The band is having you send your pitches (no pun intended) to email@example.com. You need to include your city, state and zip; the name of the local sports organization; the ages of your team members; the size of your team (presumably, number of players, not actual sizes of players, though both might be helpful); and anything else the band should know.
Band member John Flansburgh is quoted on the band’s site saying: “If a pizza parlor or a super market can sponsor a team, why can’t a rock band? We’ve posted a free shirt offer on our web site, and as new teams form we’re going to post their group photo alongside the Seattle team. We only have t-shirts to offer right now, but if we can get hats too, we’re up for that.”
Given the troubles many leagues are having attracting sponsors, this is a great offer, presuming your legal isn’t halfway over already (maybe the offer will be good for next season if it’s too late). I’m amazed more entertainment aimed at children, or even their parents, haven’t turned to youth sports sponsorship. “Night at the Museum 2″ probably could have sponsored every team in every sport in America for what it spent on TV ads, and reached just about as many kids and parents. I’m sure TMBG is doing this sponsorship contest out of the goodness of its heart. But a band that won a Grammy this year for its children’s album is reaching the right market handing out T-shirts to T-ballers.
However, I am emailing the band to find out if they understand what youth sports sponsorship entails. I’m curious how the two Johns (the T-ball coaches) got to pick the shirts. Depending on the league, TMBG is going to have to do more than hand out free T-shirts. Is the band willing to pay $200 to see “Phillies” on the front and “They Might Be Giants” on the back? I’m sure there are a lot of league boards that are going to have conniptions over the thought of the uniforms not being uniform.
The latest question posed to the Positive Coaching Alliance: “Why is my husband such an asshole when he coaches?”
My husband is coaching our son’s 9 year old Little League Team. There are 2 other assistant coaches, each with a child (1 boy, 1 girl) on the team. The coaches are trying to teach sound fundamentals to all the kids, and, as is often the case they are all type-A sports-loving men.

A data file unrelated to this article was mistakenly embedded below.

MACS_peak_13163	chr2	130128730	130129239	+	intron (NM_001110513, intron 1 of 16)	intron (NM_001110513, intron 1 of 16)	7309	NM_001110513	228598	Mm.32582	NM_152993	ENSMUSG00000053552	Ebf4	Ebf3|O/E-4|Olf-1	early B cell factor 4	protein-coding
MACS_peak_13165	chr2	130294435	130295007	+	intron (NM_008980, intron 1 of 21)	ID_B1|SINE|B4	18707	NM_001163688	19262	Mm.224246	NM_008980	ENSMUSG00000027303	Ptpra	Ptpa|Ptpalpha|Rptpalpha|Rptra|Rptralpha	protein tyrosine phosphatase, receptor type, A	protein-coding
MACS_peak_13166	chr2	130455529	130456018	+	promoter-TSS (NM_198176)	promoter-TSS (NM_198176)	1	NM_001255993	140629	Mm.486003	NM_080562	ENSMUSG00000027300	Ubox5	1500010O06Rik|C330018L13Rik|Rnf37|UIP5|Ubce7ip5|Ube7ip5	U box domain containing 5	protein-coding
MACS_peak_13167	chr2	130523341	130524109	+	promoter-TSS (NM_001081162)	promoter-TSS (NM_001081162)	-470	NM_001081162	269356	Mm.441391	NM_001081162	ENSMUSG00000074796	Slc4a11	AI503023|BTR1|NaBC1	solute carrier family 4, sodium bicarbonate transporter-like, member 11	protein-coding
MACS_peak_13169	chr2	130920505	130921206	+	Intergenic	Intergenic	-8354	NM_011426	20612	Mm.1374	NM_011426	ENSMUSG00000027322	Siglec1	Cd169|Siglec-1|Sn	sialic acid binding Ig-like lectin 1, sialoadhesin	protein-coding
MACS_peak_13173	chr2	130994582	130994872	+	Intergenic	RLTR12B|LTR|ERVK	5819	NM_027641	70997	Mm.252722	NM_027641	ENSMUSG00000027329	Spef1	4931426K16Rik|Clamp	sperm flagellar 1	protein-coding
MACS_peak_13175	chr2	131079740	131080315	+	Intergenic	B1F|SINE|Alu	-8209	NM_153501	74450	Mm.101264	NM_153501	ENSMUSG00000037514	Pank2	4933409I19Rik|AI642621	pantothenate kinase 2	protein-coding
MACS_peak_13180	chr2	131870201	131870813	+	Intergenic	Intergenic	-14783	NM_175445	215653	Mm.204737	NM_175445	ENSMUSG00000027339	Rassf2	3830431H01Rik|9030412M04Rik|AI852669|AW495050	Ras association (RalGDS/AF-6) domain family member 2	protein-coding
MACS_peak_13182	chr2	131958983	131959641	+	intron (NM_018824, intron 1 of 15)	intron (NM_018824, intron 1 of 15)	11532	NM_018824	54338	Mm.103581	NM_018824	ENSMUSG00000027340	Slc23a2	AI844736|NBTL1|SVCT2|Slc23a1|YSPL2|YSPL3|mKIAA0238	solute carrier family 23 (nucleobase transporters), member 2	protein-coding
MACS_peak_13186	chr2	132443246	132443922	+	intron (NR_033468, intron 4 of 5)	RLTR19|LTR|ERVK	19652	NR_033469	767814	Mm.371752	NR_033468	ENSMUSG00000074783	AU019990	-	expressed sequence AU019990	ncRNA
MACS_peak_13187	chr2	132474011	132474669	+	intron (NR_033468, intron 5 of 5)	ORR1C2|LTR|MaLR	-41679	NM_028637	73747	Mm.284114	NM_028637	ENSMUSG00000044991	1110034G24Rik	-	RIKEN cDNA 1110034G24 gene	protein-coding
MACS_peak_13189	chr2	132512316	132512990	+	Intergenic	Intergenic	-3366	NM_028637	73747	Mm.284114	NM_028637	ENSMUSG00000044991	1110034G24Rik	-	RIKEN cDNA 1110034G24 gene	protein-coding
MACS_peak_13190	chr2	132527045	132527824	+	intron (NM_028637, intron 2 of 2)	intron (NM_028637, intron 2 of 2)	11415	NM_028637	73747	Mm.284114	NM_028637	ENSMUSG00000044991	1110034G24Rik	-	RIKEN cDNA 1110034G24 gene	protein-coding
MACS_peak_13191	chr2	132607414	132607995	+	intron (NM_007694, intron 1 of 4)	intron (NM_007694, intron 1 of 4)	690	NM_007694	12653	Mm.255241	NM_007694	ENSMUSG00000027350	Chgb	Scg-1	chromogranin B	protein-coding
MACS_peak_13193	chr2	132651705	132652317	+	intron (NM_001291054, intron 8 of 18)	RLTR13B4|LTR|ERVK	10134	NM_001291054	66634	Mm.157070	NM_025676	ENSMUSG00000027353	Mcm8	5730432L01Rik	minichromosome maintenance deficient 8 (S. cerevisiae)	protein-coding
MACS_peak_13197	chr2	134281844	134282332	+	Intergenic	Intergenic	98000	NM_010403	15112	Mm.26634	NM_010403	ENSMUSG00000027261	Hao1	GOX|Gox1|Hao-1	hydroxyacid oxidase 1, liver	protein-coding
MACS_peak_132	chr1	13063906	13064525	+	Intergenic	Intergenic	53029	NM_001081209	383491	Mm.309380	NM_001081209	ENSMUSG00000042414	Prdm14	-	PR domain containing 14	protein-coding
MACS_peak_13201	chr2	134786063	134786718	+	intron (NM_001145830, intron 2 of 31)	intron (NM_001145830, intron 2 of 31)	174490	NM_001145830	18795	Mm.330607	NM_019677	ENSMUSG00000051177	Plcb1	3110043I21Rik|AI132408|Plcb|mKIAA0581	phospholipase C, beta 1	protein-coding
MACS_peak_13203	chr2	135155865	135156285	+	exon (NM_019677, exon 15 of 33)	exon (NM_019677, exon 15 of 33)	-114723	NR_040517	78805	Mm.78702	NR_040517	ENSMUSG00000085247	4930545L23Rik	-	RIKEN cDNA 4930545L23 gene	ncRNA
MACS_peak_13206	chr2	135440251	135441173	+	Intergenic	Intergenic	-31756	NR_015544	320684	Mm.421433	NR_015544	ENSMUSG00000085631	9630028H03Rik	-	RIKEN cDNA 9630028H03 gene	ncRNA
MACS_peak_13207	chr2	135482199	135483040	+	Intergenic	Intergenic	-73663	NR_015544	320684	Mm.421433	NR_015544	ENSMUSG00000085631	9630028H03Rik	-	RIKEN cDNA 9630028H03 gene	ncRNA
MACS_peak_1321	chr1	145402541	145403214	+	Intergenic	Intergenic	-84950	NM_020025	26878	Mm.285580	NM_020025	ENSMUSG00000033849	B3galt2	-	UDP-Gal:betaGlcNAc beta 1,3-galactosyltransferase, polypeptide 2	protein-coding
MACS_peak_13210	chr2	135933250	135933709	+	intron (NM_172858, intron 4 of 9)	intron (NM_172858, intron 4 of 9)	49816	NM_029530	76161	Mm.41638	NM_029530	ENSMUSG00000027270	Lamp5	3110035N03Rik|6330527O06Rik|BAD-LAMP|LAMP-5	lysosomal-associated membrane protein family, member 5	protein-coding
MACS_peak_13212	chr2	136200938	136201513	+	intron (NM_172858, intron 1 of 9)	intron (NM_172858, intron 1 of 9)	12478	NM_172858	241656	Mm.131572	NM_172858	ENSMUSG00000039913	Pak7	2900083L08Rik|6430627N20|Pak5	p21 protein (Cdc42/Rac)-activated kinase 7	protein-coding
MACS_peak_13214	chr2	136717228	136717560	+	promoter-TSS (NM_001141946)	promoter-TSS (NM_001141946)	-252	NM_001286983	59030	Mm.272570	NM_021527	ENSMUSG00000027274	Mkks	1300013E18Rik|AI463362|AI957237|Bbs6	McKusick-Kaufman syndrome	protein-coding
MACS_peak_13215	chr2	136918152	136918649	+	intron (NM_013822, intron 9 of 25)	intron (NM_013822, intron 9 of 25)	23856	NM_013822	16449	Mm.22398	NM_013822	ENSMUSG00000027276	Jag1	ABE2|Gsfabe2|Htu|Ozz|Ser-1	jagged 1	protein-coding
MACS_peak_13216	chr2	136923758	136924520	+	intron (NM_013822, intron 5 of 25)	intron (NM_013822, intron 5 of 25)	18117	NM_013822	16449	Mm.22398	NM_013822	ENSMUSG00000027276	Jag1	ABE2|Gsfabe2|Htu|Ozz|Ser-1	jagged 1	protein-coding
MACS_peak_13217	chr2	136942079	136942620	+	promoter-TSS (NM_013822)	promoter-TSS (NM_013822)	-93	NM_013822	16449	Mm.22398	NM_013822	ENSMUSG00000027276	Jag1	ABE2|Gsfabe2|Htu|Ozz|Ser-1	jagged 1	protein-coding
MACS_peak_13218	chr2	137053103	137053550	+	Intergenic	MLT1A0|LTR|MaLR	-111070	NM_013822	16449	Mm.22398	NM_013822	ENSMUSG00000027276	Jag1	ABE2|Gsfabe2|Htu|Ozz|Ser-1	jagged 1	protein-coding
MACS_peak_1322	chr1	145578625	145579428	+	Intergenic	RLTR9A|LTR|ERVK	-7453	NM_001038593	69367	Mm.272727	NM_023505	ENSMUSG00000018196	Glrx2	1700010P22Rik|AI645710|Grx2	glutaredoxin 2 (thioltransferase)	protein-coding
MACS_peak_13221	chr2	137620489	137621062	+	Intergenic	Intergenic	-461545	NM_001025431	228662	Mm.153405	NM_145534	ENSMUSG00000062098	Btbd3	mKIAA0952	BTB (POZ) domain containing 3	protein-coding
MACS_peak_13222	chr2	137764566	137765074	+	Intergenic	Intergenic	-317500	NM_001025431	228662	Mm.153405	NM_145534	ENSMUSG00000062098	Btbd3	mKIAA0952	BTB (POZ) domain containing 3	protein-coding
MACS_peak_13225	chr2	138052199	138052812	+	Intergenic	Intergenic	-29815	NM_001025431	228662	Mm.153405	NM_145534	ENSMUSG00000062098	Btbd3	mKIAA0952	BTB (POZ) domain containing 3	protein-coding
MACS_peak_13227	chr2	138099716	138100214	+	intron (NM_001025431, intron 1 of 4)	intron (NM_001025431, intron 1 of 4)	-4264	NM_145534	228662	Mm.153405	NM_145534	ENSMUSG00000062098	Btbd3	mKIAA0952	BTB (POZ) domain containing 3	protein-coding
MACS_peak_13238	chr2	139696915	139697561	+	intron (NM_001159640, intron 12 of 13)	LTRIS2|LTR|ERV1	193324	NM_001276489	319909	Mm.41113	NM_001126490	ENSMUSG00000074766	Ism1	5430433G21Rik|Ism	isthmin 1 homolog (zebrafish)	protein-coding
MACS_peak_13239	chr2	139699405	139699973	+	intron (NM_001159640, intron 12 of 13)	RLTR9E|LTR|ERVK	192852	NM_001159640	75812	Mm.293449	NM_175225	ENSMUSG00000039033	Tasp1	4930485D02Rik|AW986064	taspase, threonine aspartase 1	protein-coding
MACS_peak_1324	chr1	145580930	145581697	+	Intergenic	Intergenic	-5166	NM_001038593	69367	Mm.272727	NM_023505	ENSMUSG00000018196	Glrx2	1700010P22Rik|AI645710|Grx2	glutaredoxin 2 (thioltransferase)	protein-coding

All 3 coach’s [sic] kids have a lot of talent. All 3 are struggling with performance anxiety, especially in a game situation. All 3 are practically paralyzed each time they are up to bat. All 3 can hit at practice, but not in the game. All 3 want desperately to do well for their team and for their Dad. All 3 are scrutinized by their Dads when they bat because Dad wants desperately for them to overcome their anxiety and perform.
Only 1 child on the team (not one of the coaches’ children) consistently hits the ball. I hear some encouragement from the coaches but they are frustrated and I’m hearing a lot of comments from the coaches like: come on be a hitter, you’ve got to swing at that, swing the bat, be aggressive, etc.
I have tried talking to my husband, the head coach. He doesn’t seem to be able to change his approach.
Do you have any suggestions? These kids aren’t having fun and I fear they will lose their love for the game. Help!!
Janet, dammit, I suggest you read an excellent, well-informed post from this here blog about coaching your own child. It tells you how your husband (and the assistants) should interact with his child (and their children) as a coach (coaches). It also tells you how easy it is to fuck that up. Save up for some therapy bills, Janet.
Specifically for coaching your kid in baseball, I would recommend this:
– Your husband, and your child, should realize that baseball is a game of failure. As the old saying goes, you’re considered a star if you get a hit 30 percent of the time (except by sabermetricians who criticize you for not walking enough). So he, and your child, should relax and not worry about failure because of the nature of the game. If that doesn’t work, there’s always Inderal.
– When you go to games (and Janet, I know you do), you should get all sarcastic when the coaches say stupid shit like “come on be a hitter,” especially if they’re saying it in the form of a run-on sentence. When they say, “come on be a hitter,” you say, “That’s right son! Bash that ball like a baby seal!” Or “So NOW you get around to telling him what that aluminum stick is for?” Or “Brilliant fuckin’ advice, Lasorda.”
– Because talking reasonably to your husband failed, withhold sex and block his online porn until he gets the message.